Color of the Cross
Color of the Cross is a 2006 religious film written by, directed by, and starring Jean-Claude La Marre.
The film is one of the few depictions of Christ as a black (or colored) man and portrays Jesus' persecution as the result of racism.
In what would later become the last 48 hours of his life, Jesus of Nazareth (Jean-Claude La Marre), a Black man, leads a group of 12 disciples to the biblical city of Arimathea to celebrate the Jewish holiday of Passover. The city of Arimathea is governed by the elite Jewish Sanhedrin under the administrative jurisdiction of the Roman Empire who persecute and discriminate against the Jewish population. Growing weary of the popular influence displayed by Jesus, a Jew claiming to be a Messiah, the Sanhedrin wish to call an emergency meeting to discuss his growing power and clout. From the Sanhedrin, some of the members find it hard to believe a black man although Jewish, could in fact be the messiah. The members attempt to formulate a plan to capture and interrogate Jesus over his alleged blasphemy. Meanwhile, Jesus with the help of his disciple John (Akiva David), discovers a safe dwelling in Arimathea to consume the Passover meal away from the watchful patrol of Roman soldiers who are also attempting to subdue him over his reputation. Accordingly, Mary (Debbi Morgan), the mother of Jesus, comes to believe her son is being individually singled out on motivations based on race. In addition to persecuting Jews in general, the Romans also view Jews who are black in skin color as a more troublesome ramification than just ordinary white Jews.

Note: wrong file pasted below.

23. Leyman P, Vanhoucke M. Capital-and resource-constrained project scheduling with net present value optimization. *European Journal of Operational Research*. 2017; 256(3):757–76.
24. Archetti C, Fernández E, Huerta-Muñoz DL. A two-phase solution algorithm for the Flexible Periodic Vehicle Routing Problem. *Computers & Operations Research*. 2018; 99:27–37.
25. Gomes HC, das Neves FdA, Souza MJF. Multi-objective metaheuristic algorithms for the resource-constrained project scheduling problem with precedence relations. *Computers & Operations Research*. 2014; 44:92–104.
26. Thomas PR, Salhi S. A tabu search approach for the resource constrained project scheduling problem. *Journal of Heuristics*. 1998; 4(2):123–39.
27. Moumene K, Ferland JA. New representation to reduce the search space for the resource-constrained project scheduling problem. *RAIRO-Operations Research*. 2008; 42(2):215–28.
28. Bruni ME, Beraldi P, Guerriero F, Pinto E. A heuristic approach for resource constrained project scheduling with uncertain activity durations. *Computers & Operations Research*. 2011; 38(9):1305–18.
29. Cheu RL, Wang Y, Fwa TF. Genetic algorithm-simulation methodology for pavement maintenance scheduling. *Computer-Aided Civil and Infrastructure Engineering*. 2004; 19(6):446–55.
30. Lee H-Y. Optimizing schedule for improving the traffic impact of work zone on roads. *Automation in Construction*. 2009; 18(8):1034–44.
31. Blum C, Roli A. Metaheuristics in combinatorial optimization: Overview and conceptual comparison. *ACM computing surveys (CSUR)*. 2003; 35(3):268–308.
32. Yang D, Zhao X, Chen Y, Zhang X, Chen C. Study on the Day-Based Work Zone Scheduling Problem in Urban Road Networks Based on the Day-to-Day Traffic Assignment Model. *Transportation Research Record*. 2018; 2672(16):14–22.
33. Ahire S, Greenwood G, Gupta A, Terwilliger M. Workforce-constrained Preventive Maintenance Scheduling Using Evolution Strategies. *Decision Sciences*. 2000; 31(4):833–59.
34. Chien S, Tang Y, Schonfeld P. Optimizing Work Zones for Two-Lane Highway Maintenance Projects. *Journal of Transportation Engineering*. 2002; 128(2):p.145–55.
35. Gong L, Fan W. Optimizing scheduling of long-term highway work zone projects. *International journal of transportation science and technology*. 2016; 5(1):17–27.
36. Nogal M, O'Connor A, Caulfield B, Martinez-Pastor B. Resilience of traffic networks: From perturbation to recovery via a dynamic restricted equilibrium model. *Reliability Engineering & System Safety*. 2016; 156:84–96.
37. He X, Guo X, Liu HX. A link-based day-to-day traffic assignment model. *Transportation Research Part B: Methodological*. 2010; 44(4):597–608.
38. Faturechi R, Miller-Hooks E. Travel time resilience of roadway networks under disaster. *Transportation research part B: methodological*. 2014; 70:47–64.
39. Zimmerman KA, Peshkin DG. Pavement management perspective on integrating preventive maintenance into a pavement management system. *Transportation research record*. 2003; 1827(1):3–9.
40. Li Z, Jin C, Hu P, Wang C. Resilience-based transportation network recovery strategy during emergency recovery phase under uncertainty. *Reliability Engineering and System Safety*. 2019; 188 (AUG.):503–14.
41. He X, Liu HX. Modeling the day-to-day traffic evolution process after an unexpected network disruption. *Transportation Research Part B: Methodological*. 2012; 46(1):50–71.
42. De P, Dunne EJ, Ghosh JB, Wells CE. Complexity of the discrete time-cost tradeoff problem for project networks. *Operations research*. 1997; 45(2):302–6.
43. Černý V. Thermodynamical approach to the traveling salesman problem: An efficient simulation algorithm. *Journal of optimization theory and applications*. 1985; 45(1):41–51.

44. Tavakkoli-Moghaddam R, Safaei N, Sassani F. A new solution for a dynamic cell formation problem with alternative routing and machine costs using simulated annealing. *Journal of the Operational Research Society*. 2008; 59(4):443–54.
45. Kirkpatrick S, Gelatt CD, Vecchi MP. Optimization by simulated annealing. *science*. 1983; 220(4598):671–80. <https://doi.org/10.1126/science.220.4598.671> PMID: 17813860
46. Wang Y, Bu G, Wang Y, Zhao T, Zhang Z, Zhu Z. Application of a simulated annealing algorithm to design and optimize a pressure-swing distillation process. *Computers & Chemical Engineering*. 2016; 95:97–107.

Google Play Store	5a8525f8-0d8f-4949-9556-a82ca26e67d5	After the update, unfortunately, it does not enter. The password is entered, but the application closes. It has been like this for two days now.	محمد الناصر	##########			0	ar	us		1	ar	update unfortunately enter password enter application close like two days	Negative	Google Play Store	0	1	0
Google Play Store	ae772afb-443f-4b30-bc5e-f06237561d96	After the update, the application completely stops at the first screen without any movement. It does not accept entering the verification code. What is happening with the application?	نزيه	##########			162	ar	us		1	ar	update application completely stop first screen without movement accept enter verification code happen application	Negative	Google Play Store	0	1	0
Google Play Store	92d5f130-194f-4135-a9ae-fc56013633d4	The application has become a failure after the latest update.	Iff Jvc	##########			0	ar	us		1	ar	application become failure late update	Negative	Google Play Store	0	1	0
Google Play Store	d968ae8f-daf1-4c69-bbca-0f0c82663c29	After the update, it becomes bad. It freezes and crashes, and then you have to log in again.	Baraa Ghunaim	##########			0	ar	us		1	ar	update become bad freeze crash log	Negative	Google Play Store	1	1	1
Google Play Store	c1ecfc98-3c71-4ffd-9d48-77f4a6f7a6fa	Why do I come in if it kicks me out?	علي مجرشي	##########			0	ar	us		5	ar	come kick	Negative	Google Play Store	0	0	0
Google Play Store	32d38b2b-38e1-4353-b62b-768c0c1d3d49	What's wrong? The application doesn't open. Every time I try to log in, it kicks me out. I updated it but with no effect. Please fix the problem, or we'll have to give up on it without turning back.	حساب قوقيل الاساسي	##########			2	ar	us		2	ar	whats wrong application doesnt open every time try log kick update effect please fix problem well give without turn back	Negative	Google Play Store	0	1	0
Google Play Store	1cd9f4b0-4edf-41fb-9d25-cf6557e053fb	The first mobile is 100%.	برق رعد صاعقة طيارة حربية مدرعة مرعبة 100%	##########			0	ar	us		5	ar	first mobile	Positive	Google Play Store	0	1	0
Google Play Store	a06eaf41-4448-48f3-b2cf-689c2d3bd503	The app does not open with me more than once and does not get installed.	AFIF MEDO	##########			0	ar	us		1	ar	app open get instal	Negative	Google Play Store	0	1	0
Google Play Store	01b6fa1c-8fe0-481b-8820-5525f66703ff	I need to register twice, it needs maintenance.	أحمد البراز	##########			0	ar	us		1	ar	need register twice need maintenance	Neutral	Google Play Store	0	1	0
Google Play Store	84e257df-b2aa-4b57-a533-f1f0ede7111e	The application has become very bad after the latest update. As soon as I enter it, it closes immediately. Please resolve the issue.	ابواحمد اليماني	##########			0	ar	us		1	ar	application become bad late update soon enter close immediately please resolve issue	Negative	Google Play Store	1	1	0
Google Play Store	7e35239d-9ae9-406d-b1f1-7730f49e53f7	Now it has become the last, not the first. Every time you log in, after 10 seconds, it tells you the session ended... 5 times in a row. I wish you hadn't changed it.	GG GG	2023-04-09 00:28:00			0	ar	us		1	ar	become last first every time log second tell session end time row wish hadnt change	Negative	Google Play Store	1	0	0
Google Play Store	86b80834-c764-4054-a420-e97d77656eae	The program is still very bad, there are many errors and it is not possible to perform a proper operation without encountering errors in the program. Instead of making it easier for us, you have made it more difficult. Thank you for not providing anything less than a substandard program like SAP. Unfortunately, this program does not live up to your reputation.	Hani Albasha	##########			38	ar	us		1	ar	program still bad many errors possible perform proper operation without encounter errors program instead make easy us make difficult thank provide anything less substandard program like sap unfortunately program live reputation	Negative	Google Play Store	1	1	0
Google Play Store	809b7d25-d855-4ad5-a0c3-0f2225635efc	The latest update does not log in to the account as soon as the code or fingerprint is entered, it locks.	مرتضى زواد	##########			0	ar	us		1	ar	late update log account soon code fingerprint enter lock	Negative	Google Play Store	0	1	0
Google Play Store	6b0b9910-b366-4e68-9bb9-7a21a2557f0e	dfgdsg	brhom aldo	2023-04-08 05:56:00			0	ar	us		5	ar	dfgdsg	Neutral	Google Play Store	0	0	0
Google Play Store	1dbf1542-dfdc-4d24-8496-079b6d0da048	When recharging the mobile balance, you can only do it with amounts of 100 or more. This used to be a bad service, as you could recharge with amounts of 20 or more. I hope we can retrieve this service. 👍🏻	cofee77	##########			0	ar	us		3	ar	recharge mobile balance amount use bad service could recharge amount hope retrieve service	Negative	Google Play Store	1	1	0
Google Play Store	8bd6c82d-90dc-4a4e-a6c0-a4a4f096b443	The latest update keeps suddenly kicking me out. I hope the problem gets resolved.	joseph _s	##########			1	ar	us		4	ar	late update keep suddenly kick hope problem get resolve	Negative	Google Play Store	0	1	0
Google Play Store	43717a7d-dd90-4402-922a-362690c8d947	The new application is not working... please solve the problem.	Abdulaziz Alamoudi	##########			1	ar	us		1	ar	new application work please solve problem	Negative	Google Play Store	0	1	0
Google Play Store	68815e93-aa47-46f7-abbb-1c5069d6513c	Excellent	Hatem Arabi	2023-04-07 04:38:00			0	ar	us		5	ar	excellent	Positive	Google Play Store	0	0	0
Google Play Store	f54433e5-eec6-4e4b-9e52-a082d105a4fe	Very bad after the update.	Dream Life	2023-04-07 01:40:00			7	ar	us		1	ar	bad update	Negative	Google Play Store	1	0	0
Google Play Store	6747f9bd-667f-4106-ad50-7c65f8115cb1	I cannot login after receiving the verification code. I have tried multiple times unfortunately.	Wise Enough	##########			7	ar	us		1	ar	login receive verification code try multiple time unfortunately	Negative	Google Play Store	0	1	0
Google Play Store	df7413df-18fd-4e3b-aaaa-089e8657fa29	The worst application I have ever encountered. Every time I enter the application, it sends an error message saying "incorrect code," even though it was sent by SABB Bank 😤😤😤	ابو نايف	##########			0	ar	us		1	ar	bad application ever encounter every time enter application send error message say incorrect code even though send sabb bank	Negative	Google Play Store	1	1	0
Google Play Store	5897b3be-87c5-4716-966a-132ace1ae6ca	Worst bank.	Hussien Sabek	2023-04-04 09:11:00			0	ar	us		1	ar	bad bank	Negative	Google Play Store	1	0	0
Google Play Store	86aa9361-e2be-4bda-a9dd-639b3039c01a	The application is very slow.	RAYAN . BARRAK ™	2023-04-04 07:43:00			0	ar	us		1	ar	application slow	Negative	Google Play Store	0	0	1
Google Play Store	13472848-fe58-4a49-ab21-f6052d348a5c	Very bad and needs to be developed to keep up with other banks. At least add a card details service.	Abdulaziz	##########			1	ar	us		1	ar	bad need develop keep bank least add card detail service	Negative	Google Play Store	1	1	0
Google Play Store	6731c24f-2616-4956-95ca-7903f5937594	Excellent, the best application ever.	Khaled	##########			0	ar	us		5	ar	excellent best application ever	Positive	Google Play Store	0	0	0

After a trek through the wilderness in the province of Judea, Jesus and his followers arrive in Arimathea. During the Passover meal at a secret location within a Jewish guest home, Jesus reveals a vision which he experienced from God; depicting one of his disciples will betray him and hand him over to the Romans as a blasphemous criminal against the Empire. After hearing of the so-called miracles which Jesus performed, such as the healing of a blind man, and the restoring of life to a dead person, Caiphas (Elya Baskin), the leader of the Sanhedrin remains unconvinced of Jesus' prowess. The Sanhedrin believe that Jesus may in fact be a prophet like other Jews in the past, but do not believe he is a messiah. Later, Judas Iscariot (Johann John Jean), one of Jesus' followers, betrays him for a payment of 30 pieces of silver by revealing his hiding place from the Romans to Caiphas. Against the wishes of his fellow members in not involving the Romans into the matter, Caiphas recruits a group of Roman soldiers led by Horatius (David Gianopoulos), to capture Jesus. Earlier, Jesus along with his disciples left the Jewish guest home to seek refuge in the Garden of Gethsemane within the mountains of Judea. Following his capture with the aid of Judas, Horatius leads Jesus away to a presumed trial before the Romans. Jesus is later condemned to death and crucified.
Why This Film Should Be Crucified
- The movie tries way too hard to push its message about racism, to the detriment of the story.
- Bad script. A lot of the dialogue comes off as rather ham-fisted, like "You're not black enough".
- Bad writing.
- The story jumps around a bit and leaves out certain events you'd expect in a retelling of the crucifixion.
- It doesn't try to do anything new with the old story beyond making it about racism.
- The production values for the movie are really low. The sets clearly look like sets, and the costumes look cheap.
- There are a lot of historical inaccuracies.
The Only Redeeming Quality
- The cinematography is at least okay.
Reaction to the film was generally negative due to its low budget and production qualities. Among reviews, Jeannette Catsoulis of The New York Times, noted that "Color of the Cross, a low-budget re-imagining of Christ's final days, makes a big deal out of the relatively tame suggestion that Jesus was black." Todd McCarthy of Variety solidly concurred saying, "Lacking the drama of Jesus' trial and the passion, as well as the substance of his teachings, (actor Jean Claude) LaMarre's turgid take has very little to offer dramatically or inspirationally."
At its widest release in the U.S., the film was screened at 29 theaters grossing $25,868 in its opening weekend. The film went on to gross $85,802 in ticket sales through a 4-week theatrical run.